Reynolds was one of the outstanding intellectuals and artists of his age. Renowned not only for his monumental, elegant portraiture and historical subjects, he also experimented in the techniques and pigments of his trade. Reynolds was a founding member, with his rival Gainsborough, and the first president of the Royal Academy of Arts. He wrote celebrated annual discourses on art theory and practice. His travel in Italy introduced him to the artists of the Italian Renaissance, notably Raphael, as well as contemporary artists, including such portraitists as Batoni, whose idealizing grand style appealed to him. Upon his return to London in 1753, he rubbed shoulders with literary and political luminaries. He rapidly rose to the position of the most sought-after portraitist of notable, wealthy and aristocratic figures of the day. He was knighted by George III in 1769.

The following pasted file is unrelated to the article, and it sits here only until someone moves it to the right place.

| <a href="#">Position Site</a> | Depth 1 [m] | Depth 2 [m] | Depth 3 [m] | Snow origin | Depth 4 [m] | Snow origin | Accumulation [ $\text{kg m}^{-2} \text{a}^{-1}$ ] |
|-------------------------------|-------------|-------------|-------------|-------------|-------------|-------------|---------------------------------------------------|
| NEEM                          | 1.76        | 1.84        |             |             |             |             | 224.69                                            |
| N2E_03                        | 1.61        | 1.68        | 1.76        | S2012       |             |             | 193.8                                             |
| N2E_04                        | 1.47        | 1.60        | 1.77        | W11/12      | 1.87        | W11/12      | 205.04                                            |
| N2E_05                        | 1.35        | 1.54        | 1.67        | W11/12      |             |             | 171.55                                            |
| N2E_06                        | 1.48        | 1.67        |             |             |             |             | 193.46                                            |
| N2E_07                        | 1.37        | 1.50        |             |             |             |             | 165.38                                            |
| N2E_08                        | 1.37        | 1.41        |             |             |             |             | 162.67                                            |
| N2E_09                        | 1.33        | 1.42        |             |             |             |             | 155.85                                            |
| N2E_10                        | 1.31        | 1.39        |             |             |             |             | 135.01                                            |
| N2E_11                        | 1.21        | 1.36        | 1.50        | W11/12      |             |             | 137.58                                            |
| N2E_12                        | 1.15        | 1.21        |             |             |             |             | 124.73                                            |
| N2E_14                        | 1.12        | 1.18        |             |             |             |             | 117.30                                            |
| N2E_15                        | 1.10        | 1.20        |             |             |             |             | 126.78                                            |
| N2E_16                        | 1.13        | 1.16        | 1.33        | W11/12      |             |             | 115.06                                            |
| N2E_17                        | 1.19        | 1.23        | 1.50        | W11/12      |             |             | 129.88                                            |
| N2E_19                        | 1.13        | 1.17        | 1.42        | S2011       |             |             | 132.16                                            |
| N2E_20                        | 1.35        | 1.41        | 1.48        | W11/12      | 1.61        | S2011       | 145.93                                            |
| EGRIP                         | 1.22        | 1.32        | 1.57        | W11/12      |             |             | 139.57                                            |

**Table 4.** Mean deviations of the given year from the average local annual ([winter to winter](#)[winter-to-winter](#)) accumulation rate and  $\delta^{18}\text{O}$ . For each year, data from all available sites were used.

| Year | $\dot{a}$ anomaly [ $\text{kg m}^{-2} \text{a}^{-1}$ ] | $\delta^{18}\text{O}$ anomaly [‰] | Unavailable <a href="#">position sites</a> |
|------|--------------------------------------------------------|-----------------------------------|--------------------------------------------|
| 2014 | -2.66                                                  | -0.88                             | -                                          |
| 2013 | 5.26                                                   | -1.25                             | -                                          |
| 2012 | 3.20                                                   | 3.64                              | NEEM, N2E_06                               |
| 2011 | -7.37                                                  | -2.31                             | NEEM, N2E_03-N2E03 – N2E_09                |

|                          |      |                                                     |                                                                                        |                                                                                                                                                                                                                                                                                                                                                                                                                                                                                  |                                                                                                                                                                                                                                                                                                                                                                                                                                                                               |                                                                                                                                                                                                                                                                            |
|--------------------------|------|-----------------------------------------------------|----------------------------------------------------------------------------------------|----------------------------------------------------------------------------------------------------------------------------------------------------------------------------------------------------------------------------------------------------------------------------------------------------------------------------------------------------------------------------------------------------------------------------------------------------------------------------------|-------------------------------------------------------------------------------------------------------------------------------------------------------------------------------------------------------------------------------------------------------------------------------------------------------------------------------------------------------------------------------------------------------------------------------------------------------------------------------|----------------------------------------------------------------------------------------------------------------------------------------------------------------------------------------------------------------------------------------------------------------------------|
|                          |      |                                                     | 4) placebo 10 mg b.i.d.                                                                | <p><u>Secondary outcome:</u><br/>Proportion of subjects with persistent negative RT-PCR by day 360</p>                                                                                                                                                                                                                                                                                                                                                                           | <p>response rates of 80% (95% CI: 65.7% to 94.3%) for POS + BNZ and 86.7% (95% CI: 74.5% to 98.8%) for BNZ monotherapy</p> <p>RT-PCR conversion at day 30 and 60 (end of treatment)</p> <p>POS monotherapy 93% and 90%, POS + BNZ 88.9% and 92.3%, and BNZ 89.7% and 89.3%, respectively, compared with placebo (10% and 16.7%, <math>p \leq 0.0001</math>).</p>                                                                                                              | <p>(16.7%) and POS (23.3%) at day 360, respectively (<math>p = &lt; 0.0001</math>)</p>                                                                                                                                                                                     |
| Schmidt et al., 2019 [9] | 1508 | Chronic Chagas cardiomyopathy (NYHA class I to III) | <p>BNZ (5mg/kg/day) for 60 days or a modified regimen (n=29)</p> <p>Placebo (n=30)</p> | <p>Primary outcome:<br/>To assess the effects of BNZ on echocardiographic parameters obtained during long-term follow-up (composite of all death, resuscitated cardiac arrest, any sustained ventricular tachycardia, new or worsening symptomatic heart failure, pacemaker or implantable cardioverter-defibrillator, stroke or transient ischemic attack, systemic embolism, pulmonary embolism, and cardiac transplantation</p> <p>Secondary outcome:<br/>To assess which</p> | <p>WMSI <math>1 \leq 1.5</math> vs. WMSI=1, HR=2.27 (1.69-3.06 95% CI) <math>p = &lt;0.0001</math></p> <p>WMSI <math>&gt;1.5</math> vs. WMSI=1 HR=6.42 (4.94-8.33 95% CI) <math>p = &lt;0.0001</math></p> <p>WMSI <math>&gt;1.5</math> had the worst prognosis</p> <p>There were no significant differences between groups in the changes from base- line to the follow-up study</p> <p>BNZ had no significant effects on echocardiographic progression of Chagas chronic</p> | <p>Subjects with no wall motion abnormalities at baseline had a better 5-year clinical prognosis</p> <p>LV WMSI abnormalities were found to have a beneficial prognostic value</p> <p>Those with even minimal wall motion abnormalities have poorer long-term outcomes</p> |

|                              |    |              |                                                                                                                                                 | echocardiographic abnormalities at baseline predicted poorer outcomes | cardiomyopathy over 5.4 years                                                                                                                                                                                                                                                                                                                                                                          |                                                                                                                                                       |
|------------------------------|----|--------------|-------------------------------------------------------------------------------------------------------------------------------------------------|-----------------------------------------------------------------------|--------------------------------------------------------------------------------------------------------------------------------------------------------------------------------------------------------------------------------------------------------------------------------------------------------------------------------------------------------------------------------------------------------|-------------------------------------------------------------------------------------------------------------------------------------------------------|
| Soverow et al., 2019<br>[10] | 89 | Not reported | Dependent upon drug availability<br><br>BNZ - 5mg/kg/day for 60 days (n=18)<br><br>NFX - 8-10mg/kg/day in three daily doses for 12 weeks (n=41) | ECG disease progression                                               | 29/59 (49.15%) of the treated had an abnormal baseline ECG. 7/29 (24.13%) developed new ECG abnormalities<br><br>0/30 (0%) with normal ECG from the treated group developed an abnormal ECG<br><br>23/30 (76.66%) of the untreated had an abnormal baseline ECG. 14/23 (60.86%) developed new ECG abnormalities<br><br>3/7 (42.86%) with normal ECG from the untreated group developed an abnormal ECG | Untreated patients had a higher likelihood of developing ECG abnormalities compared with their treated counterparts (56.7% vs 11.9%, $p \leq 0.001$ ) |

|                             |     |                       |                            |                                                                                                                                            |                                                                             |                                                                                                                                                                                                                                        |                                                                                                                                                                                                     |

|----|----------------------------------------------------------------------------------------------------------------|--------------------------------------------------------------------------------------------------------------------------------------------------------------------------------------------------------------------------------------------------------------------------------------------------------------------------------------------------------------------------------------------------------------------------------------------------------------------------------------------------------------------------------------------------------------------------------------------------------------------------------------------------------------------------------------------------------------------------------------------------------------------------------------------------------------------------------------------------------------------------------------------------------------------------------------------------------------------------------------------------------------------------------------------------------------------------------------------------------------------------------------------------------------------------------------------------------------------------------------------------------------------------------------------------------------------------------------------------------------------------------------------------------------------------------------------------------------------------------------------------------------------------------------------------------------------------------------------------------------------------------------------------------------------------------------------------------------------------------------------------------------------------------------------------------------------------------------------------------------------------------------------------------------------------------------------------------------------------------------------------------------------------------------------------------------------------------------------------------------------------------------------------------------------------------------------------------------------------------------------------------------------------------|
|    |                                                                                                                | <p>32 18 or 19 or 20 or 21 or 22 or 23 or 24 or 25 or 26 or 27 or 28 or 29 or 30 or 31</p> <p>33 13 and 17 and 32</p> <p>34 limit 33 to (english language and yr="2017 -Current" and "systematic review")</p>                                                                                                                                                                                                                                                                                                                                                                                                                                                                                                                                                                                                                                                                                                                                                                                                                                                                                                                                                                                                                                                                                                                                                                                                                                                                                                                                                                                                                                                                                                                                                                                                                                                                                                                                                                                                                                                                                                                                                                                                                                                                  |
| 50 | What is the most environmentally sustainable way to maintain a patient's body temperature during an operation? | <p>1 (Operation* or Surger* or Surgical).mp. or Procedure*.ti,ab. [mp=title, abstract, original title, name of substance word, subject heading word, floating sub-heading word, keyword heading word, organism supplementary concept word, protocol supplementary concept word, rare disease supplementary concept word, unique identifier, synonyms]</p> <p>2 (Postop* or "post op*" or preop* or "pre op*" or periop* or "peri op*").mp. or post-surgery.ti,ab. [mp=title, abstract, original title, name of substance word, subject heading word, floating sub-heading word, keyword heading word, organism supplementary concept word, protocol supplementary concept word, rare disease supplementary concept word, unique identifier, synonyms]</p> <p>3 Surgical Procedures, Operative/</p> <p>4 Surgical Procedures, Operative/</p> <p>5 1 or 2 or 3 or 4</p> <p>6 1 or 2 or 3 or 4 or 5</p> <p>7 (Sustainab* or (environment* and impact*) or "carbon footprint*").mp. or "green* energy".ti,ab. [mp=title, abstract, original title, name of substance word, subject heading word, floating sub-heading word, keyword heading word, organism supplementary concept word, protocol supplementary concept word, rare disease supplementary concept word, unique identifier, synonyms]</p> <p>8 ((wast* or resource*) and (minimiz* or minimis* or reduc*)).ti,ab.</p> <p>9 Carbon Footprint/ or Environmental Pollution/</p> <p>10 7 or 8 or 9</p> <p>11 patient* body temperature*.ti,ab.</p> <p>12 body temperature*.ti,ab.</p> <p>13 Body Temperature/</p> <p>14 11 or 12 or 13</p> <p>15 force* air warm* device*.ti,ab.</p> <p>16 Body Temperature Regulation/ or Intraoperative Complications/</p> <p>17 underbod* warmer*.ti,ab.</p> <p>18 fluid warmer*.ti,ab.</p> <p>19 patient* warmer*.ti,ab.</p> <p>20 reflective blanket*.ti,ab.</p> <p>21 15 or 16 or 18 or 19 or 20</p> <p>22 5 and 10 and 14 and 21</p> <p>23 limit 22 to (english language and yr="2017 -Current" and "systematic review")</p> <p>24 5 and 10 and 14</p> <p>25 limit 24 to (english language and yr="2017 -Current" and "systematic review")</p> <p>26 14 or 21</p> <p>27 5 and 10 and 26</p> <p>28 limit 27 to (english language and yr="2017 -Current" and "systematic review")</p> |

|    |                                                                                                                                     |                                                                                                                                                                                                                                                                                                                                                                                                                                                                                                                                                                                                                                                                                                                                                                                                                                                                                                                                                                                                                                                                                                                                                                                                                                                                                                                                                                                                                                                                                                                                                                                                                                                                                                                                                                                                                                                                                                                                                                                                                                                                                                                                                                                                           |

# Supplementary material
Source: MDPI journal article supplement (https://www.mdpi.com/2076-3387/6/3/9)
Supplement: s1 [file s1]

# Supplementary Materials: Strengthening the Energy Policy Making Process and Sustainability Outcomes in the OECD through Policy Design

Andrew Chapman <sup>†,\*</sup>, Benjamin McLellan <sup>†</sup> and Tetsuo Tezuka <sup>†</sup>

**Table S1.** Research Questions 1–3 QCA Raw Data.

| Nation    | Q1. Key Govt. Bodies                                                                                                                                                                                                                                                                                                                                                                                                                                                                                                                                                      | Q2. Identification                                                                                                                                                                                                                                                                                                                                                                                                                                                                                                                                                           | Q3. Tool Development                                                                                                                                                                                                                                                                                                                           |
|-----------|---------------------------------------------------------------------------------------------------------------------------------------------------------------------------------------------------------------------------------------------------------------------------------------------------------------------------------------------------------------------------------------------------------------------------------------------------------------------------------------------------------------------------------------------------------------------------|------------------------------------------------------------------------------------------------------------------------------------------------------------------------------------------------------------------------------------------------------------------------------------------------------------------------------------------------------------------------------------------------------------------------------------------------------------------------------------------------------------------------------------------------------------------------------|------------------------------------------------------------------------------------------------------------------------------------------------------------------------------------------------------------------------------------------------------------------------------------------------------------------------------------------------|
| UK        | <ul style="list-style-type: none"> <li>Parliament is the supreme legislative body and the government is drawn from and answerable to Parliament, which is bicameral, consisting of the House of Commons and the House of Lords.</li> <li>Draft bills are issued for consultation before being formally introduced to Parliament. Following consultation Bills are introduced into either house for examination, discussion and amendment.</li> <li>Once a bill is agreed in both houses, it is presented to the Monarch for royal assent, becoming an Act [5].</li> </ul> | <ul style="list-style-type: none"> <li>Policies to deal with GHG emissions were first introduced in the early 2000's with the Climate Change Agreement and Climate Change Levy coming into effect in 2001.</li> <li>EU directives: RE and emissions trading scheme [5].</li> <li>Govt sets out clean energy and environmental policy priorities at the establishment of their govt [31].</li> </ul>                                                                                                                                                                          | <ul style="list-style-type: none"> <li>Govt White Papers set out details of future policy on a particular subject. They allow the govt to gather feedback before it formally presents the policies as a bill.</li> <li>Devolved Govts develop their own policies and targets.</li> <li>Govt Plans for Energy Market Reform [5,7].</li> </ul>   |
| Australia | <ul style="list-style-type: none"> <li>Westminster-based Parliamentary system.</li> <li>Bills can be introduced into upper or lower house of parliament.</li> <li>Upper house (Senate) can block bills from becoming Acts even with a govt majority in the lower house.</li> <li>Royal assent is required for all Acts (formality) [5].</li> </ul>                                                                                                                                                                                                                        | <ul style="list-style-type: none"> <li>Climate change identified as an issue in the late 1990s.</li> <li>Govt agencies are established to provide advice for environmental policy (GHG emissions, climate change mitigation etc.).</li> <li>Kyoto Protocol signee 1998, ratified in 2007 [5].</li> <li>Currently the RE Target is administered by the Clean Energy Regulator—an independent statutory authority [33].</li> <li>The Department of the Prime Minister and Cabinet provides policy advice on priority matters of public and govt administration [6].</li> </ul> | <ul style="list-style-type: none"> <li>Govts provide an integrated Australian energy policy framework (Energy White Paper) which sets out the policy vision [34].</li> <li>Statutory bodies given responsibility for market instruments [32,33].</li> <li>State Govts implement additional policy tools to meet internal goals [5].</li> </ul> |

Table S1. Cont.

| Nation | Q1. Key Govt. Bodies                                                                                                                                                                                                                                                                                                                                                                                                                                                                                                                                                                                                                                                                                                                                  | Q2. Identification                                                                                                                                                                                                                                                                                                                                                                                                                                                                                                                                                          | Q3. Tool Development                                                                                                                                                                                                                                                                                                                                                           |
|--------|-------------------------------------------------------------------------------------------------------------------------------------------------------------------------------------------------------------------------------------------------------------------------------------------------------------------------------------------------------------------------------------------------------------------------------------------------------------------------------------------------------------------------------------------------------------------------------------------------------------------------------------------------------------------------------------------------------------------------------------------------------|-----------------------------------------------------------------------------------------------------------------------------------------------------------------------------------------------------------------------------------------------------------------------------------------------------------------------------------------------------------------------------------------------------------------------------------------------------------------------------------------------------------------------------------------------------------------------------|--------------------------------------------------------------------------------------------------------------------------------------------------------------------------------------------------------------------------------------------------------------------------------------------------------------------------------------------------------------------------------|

This painting is a typical example of the gentle idealization, restraint and “good taste” which characterizes so many of Reynolds’ works. The portrait can be dated precisely, as the sittings with the Irish statesman’s wife are given in Reynolds’ own ledger records. The dress alludes to those seen in Van Dyck’s grand portraits of the previous century, while the ermine over-gown appears to be derived from a contemporary oriental costume manual, rather than from life.